People involved in mineral exploration and mining could cite dozens of reasons why people should want mines in their backyards, and they would all make sense. But they’re often out-gunned by people who don’t want mines and who conjure up memorable and emotionally charged reasons why others should join their cause. Since the late 1960s, NIMBYs (an acronym for “not in my backyard”) have stalled or stopped hundreds of mines in North America, and have since expanded their numbers and efforts worldwide. One reason you want a mine in your backyard is to help reverse this trend, which, if left unchallenged, could mean the end of civilization as we know it.

This reason may seem melodramatic, but is true notwithstanding. The modern world would come to an apocalyptic halt without minerals and metals. Planes, trains and automobiles would stop running. Stores and businesses would close. Teenagers would be helpless and alienated without their electronic appendages. The breakdown of society would be swift and more chilling than any Hollywood disaster film.

None of this is likely to happen, because in true Hollywood style, a YIMBY (“yes in my backyard”) movement would ultimately rise up to overpower the NIMBYs and save the world. So why wait for doomsday’s eleventh hour? The time for a YIMBY movement is now.

The most commonly cited reasons why British Columbians should want mines involve economics. And yes, mines do create high-paying jobs, generate taxes to pay for social programs, and provide spinoff benefits to local businesses and communities. But NIMBYs are quick to dismiss such reasons as self-serving, and counter that mines would destroy their backyards. The irony is that most NIMBYs are backyard-deficient urban-dwellers. The rich ones have small green spaces where they try to grow wheat. Others have sky-high balconies crammed with pots of organic kale. To compensate, they see rural and wilderness areas as their backyards and want them preserved for future generations. But where will these future people live and work?

That brings up a good reason to want more mines. They reduce urban congestion by providing jobs and a less harried lifestyle in the hinterlands. The industry is already the largest private-sector employer of Aboriginal Canadians from northern and rural regions.

Another reason is that mines help close the gap between rich and poor. Skilled miners working in rural areas often have more disposable income than professionals in urban areas. Some of the poorest people have found some of the richest mines in Canada, proving that exploration is an equal-opportunity quest. Sadly, this reason doesn’t apply to countries where corruption and tyranny stifle initiative.

Why a top-10 list?

The purpose of this exercise is to consider why people should want mines in their backyards from different angles and perspectives. With apologies to the master, a David Letterman-style top-10 list might look like this.

  1. Demand for hard rock and heavy metal hasn’t declined as hoped.
  2. Alchemy hasn’t been perfected yet.
  3. People need to see something that doesn’t come from China.
  4. Romance is wondrously enhanced by gold and diamonds.
  5. We can’t go anywhere by resting on our ores.
  6. Open pits mean “open for business.”
  7. Mines, like books, only work when open.
  8. Debt-enslaved basement-dwellers could find jobs and dig themselves out of their holes, literally.
  9. Indebted governments could mint money instead of print money.
  10. We’re all going to end up in a holy place or deep under anyway.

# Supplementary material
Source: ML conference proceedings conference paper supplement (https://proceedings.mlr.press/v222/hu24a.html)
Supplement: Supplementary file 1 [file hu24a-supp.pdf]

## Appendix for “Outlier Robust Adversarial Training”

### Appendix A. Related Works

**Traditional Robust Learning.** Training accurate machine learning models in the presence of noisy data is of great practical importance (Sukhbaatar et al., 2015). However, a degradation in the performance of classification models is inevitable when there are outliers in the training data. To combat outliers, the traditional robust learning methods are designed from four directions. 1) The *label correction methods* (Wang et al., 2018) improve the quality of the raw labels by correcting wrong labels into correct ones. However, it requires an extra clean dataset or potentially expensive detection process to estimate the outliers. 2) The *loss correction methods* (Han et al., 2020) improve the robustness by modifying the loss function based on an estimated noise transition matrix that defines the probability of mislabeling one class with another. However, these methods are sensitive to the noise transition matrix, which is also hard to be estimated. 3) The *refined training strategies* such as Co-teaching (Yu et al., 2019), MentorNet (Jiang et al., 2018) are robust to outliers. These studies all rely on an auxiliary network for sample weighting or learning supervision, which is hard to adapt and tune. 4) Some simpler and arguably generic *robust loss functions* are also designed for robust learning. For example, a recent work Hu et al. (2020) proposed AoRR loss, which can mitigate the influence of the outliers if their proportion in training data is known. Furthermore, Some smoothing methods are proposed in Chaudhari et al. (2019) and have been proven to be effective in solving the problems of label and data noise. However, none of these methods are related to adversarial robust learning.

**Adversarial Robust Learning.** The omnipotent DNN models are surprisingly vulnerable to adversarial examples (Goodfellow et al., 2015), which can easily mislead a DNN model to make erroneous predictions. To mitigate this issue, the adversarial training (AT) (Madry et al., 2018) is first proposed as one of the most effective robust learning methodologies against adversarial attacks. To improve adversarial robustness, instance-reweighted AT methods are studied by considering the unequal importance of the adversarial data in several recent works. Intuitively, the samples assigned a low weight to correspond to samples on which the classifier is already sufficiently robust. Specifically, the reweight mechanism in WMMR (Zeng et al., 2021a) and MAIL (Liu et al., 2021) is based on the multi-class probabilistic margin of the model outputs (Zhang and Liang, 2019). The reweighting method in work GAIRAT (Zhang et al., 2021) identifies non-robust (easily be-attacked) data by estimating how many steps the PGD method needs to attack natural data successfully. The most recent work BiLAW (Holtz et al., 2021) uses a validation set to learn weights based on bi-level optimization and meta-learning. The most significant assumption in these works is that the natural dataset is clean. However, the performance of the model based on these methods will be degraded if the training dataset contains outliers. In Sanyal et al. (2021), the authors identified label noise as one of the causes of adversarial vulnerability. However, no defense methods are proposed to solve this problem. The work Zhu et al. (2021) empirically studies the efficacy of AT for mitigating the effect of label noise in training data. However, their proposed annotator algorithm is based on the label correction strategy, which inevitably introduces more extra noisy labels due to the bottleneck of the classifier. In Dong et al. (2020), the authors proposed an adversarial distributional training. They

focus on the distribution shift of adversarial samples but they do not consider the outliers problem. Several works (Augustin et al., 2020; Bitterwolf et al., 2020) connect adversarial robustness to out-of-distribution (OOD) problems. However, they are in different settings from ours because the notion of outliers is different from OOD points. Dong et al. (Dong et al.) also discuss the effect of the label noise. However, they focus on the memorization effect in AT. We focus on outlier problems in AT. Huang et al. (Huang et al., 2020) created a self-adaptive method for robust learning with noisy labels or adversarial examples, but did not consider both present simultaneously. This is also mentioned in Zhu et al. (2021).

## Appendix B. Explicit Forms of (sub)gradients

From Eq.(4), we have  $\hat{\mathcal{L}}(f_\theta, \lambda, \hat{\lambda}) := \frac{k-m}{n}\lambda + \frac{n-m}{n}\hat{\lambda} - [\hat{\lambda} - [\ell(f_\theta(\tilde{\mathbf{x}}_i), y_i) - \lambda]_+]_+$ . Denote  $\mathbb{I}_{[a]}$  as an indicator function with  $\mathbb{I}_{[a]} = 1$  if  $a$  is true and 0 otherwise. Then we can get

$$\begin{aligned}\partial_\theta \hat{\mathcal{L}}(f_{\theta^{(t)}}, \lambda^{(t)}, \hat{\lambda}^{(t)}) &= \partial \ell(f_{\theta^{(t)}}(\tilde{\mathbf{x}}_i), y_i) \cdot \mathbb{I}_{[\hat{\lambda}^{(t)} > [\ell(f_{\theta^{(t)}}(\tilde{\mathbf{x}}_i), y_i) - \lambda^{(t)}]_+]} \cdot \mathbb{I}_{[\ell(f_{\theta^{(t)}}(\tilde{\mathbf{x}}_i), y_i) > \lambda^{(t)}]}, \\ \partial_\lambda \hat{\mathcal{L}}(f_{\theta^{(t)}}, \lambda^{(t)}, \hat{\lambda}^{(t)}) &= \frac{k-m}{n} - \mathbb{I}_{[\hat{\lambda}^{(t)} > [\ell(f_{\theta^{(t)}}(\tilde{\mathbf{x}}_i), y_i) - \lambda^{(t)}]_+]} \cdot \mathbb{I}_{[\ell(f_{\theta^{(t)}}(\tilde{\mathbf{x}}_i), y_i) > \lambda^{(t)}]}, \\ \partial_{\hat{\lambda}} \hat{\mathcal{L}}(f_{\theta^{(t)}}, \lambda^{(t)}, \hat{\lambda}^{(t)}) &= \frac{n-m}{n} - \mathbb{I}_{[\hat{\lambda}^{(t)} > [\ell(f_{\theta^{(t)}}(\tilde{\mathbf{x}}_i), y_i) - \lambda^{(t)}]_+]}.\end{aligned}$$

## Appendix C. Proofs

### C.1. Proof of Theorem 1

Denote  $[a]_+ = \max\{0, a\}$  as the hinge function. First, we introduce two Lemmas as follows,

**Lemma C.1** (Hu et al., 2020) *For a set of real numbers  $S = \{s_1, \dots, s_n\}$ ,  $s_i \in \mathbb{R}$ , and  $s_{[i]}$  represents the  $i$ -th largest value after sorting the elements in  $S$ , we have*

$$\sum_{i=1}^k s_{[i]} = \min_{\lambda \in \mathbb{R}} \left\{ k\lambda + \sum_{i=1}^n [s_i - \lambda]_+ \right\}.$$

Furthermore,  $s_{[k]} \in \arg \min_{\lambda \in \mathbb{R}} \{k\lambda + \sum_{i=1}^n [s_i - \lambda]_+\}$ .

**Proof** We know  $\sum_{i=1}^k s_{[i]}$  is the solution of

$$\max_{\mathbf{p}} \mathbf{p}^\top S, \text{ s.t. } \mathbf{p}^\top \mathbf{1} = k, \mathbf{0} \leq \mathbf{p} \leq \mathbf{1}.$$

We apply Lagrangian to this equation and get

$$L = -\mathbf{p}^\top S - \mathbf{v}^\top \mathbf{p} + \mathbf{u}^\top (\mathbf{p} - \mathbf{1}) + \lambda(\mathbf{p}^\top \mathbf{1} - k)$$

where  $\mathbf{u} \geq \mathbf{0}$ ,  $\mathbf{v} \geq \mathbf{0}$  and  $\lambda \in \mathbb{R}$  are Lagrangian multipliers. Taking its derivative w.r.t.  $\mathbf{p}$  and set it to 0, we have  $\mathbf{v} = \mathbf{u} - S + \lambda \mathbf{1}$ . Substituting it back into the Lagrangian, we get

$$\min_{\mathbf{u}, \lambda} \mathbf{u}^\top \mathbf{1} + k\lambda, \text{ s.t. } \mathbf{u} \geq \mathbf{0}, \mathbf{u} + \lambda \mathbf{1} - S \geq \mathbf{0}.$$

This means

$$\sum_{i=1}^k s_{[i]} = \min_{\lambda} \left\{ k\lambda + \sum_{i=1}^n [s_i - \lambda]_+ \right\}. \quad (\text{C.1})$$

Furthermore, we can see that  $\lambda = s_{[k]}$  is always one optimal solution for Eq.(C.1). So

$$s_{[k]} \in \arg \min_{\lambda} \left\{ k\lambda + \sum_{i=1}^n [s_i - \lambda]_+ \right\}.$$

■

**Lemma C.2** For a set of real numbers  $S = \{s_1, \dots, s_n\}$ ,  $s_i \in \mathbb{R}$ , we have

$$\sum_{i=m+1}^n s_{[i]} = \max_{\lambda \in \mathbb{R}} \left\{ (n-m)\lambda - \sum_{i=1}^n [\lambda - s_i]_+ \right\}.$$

In that vein, Canadians should welcome more domestic mines to foster self-reliance in a politically unstable world. A mine in hand is worth two in a faraway bush.

Mines are also needed to retain Canada’s status as a centre of mining excellence, just as we need backyard ice rinks to stay competitive in hockey. This status wasn’t earned on the bench. Canadian mines are the most challenging in the world and a testament to sharp problem-solving skills.

NIMBYs are no slouches either. They often portray mining as the epitome of an unsustainable industry, forgetting that mining has sustained human life for millennia. The skills required to find mines are transferable over geography and have evolved over generations. Simply put, mines beget new mines, which beget mining camps. We need more mines – not fewer – to ensure that mining is sustainable.

The modern world would come to an apocalyptic halt without minerals and metals. Planes, trains and automobiles would stop running. Stores and businesses would close.

Some anti-mining activists believe humans led idyllic lives before industrialization and see no need for the developing world to pursue development. The only antidote for such ignorance from presumably educated people is time travel back to the Dark Ages, or a few weeks of herding goats and hoeing corn. As astronomer Carl Sagan noted, “We live in a society exquisitely dependent on science and technology, in which hardly anyone knows anything about science and technology.” That could change if we had more mines and people saw firsthand how technology and science have made them safer, more productive and environmentally sound.

Yet another reason for advocating mine development is that mineral deposits are rare and increasingly difficult to find. If you found one of the best, would you want it locked away forever? Not likely. Stewardship of rare resources means considering the needs of future generations.

Finally, mines help people connect with nature. Activists often claim that a mine would endanger a specific lake, river or wilderness, which they elevate to reverential status. But nature doesn’t play favourites. A mineral deposit is as natural as the landscape that surrounds it and no less deserving of reverence. If people saw them as 100 per cent organic gifts of nature, we’d probably have a lot more mines.